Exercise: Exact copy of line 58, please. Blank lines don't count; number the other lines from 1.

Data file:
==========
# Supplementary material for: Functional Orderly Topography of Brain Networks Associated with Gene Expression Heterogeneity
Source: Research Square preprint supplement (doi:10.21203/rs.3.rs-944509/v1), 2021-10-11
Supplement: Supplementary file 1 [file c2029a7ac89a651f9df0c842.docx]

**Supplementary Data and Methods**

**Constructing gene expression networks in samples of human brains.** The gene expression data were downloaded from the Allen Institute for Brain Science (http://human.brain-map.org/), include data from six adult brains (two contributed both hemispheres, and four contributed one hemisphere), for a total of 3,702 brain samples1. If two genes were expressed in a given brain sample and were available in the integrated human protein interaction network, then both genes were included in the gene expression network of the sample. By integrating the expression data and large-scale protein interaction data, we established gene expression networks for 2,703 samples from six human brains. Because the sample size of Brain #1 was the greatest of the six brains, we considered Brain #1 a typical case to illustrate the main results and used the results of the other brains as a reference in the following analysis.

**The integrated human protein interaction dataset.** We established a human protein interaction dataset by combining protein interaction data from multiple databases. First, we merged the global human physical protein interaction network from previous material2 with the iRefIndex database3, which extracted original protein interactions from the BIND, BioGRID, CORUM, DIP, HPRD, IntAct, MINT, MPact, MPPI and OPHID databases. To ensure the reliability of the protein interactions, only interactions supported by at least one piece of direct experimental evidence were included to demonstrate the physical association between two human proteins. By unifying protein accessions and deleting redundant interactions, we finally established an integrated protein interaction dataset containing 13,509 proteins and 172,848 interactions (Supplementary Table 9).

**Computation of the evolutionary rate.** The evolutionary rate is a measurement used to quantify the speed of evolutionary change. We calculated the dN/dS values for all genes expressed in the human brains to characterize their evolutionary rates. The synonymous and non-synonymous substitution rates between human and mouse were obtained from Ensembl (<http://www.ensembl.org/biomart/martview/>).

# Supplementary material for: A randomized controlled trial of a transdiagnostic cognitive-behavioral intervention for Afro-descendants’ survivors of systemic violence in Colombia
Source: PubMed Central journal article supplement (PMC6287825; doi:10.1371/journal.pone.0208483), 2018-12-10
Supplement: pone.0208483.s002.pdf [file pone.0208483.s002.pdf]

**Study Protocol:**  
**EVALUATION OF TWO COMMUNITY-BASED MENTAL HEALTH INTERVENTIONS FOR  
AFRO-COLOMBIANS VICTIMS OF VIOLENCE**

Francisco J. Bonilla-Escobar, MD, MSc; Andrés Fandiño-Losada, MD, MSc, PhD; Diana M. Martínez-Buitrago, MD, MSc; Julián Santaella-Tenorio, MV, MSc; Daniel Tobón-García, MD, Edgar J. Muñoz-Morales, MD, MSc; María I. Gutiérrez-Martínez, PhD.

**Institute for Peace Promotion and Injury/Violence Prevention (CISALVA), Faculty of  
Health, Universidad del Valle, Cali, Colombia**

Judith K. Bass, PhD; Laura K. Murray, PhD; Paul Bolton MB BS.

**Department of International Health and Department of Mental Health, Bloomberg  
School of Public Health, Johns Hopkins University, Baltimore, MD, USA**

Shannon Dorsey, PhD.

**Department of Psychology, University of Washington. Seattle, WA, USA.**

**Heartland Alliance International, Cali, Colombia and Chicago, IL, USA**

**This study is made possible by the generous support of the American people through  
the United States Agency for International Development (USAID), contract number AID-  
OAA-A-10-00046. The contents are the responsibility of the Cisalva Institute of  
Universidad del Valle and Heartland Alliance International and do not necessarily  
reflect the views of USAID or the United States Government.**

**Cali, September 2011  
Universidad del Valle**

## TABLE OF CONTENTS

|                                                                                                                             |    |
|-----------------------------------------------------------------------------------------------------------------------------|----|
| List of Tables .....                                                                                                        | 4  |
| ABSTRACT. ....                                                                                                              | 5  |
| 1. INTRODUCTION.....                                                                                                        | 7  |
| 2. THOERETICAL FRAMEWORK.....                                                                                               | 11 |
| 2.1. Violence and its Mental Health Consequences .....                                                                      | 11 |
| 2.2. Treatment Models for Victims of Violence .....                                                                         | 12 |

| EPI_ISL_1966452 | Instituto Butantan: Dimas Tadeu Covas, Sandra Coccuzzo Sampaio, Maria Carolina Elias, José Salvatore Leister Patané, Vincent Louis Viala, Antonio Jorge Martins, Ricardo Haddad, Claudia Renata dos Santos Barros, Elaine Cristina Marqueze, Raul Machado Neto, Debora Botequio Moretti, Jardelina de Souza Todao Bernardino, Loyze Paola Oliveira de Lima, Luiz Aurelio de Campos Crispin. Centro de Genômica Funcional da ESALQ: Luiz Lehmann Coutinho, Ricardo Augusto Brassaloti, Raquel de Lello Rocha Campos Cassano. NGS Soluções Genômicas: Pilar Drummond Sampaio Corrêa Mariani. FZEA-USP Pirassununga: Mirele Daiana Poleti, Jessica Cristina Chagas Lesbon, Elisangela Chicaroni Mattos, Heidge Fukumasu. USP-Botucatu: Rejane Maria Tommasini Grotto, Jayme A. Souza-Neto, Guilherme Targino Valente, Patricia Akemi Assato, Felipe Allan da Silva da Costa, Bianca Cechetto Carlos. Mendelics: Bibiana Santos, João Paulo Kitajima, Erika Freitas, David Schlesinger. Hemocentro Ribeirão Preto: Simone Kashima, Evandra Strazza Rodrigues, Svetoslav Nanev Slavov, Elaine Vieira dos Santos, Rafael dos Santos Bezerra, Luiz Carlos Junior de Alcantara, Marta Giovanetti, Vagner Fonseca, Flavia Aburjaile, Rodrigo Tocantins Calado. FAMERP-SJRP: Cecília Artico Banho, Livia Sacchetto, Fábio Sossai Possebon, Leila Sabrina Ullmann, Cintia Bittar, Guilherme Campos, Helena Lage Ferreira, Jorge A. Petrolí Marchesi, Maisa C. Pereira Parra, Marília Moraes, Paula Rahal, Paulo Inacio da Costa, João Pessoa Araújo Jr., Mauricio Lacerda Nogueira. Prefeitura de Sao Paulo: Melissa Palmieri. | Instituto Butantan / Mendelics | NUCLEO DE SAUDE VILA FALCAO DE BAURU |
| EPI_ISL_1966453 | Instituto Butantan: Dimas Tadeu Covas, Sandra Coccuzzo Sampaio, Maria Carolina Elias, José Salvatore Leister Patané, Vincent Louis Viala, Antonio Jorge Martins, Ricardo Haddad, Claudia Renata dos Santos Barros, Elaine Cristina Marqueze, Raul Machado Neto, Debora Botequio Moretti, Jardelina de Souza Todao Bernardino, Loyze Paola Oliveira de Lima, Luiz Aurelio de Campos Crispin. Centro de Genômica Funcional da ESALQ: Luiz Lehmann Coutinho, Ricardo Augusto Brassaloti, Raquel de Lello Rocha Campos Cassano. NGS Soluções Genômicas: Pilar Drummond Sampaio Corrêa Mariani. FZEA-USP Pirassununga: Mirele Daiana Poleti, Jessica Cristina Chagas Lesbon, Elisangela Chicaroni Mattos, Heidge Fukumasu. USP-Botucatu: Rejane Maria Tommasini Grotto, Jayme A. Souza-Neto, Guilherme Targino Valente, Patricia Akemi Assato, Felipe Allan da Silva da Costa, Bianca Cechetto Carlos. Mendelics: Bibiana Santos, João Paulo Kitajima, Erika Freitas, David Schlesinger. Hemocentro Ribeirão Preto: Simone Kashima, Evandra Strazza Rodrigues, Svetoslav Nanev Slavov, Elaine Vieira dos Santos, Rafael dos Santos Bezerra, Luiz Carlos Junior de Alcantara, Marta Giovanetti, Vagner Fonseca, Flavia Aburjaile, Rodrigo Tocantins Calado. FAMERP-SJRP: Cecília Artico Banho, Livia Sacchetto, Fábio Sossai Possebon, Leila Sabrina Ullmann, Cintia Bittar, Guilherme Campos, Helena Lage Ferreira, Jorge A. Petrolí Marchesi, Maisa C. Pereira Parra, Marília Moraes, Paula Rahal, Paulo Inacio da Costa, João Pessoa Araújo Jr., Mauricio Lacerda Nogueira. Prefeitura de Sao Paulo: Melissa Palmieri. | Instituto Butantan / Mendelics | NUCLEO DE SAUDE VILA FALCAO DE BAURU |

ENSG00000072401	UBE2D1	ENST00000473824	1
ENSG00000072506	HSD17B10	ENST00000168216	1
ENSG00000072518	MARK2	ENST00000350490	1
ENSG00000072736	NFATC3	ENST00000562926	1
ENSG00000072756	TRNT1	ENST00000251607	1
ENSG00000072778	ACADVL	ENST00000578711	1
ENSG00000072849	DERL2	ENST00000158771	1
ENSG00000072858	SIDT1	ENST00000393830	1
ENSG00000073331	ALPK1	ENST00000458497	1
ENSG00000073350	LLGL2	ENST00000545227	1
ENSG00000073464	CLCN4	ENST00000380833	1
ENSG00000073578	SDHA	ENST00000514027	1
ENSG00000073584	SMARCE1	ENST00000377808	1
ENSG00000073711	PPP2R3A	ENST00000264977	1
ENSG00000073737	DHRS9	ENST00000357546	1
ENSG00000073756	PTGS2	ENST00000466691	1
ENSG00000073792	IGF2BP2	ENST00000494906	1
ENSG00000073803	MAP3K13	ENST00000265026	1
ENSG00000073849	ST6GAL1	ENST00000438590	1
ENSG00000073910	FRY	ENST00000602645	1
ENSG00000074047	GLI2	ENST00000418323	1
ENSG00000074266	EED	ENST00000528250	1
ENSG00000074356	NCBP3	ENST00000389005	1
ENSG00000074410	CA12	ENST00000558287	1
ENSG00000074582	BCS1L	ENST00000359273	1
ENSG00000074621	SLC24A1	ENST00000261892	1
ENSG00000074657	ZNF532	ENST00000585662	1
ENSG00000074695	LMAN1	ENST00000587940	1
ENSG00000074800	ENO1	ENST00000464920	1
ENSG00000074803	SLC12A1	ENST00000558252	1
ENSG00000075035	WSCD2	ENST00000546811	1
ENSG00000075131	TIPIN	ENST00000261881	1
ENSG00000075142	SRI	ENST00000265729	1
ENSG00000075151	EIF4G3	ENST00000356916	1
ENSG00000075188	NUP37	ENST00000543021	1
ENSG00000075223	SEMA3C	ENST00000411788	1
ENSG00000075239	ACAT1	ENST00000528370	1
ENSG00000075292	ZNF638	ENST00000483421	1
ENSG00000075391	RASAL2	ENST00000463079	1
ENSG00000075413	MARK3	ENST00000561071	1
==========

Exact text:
ENSG00000073803	MAP3K13	ENST00000265026	1